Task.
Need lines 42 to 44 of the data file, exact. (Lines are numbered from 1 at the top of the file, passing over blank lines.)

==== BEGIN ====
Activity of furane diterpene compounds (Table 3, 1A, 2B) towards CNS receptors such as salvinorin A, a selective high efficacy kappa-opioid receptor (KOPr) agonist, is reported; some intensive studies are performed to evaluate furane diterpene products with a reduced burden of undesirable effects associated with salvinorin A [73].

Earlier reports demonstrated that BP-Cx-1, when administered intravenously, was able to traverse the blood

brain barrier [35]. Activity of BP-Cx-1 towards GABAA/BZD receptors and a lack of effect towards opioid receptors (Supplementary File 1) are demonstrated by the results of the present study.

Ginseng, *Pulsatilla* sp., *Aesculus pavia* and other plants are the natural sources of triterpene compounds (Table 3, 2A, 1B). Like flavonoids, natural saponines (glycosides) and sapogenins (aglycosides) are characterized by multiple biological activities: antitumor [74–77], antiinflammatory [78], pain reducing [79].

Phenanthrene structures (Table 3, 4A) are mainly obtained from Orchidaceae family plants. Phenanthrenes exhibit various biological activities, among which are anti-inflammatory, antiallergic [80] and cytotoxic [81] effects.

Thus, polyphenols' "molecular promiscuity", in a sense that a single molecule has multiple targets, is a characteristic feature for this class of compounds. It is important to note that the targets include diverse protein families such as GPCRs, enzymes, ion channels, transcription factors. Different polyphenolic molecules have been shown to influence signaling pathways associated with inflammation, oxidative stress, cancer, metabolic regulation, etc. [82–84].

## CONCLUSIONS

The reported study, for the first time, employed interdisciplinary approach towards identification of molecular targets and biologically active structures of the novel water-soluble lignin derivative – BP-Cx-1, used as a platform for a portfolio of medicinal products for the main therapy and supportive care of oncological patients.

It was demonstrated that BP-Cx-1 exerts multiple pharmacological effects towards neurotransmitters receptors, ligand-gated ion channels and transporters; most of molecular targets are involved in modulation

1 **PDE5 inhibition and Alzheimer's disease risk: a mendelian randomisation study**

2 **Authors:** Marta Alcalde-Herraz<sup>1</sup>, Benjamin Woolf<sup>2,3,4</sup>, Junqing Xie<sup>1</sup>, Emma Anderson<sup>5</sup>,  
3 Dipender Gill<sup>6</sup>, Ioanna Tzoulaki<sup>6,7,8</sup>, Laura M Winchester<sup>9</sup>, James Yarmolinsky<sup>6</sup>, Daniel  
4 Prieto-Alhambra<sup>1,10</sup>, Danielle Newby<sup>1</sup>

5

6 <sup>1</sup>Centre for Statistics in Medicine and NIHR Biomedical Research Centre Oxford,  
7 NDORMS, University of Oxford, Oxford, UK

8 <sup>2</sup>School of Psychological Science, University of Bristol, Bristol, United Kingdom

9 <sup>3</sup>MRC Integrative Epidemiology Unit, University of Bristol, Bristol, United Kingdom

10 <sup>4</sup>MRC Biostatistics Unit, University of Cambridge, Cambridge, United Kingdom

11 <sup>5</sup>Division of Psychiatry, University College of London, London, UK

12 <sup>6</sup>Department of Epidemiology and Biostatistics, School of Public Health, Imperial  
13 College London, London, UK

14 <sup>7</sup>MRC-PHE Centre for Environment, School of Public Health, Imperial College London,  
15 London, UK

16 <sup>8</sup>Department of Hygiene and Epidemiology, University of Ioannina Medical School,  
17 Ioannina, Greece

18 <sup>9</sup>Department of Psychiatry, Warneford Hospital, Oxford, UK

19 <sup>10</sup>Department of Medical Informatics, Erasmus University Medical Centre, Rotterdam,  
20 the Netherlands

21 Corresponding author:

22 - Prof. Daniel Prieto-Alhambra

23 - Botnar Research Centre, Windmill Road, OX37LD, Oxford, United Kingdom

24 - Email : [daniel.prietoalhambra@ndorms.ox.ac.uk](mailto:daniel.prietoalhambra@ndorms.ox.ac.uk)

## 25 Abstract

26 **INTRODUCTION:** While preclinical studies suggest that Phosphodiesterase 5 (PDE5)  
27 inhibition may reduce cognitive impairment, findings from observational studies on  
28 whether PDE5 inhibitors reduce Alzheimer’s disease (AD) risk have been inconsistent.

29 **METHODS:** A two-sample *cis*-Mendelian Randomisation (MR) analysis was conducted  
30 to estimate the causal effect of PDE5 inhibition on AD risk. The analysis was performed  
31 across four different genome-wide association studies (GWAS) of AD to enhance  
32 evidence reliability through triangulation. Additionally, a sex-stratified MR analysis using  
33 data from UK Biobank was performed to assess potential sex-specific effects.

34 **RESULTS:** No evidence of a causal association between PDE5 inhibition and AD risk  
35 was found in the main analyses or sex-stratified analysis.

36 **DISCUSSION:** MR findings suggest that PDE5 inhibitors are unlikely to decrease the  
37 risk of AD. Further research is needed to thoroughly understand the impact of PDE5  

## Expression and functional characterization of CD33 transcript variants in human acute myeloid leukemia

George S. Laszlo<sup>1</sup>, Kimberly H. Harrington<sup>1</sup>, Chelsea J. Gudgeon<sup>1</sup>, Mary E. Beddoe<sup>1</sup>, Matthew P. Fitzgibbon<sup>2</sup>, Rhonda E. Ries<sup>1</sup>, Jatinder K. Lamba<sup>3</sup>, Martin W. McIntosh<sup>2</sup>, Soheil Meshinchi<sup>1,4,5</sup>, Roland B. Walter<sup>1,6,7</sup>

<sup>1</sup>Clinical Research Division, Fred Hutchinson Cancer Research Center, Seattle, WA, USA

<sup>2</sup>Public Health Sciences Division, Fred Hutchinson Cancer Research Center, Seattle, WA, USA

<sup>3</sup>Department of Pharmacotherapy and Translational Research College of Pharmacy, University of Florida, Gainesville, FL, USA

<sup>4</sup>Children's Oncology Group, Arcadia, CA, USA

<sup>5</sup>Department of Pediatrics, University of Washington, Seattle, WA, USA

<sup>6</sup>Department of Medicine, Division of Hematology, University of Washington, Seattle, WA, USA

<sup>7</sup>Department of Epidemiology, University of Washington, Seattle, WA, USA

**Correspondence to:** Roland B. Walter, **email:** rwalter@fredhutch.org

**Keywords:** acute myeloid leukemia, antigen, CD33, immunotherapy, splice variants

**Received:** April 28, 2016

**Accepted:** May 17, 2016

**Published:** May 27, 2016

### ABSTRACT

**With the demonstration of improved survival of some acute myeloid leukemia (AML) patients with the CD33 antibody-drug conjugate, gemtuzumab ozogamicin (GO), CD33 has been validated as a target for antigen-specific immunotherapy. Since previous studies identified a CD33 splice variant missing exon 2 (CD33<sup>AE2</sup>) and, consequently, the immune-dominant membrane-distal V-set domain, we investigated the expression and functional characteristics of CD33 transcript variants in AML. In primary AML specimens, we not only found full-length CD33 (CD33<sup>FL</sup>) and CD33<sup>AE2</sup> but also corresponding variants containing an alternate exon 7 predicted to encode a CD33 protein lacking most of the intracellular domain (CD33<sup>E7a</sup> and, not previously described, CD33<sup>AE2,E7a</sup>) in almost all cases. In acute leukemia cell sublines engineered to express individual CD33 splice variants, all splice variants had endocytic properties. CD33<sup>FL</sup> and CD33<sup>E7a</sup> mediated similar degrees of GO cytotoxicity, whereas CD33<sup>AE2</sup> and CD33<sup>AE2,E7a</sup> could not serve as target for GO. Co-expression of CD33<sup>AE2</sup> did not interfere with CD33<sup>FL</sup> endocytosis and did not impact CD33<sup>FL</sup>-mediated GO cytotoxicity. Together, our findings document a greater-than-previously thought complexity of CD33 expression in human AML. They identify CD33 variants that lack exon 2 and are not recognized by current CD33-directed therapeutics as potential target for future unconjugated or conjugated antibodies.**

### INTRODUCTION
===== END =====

33 data from UK Biobank was performed to assess potential sex-specific effects.

34 **RESULTS:** No evidence of a causal association between PDE5 inhibition and AD risk  
35 was found in the main analyses or sex-stratified analysis.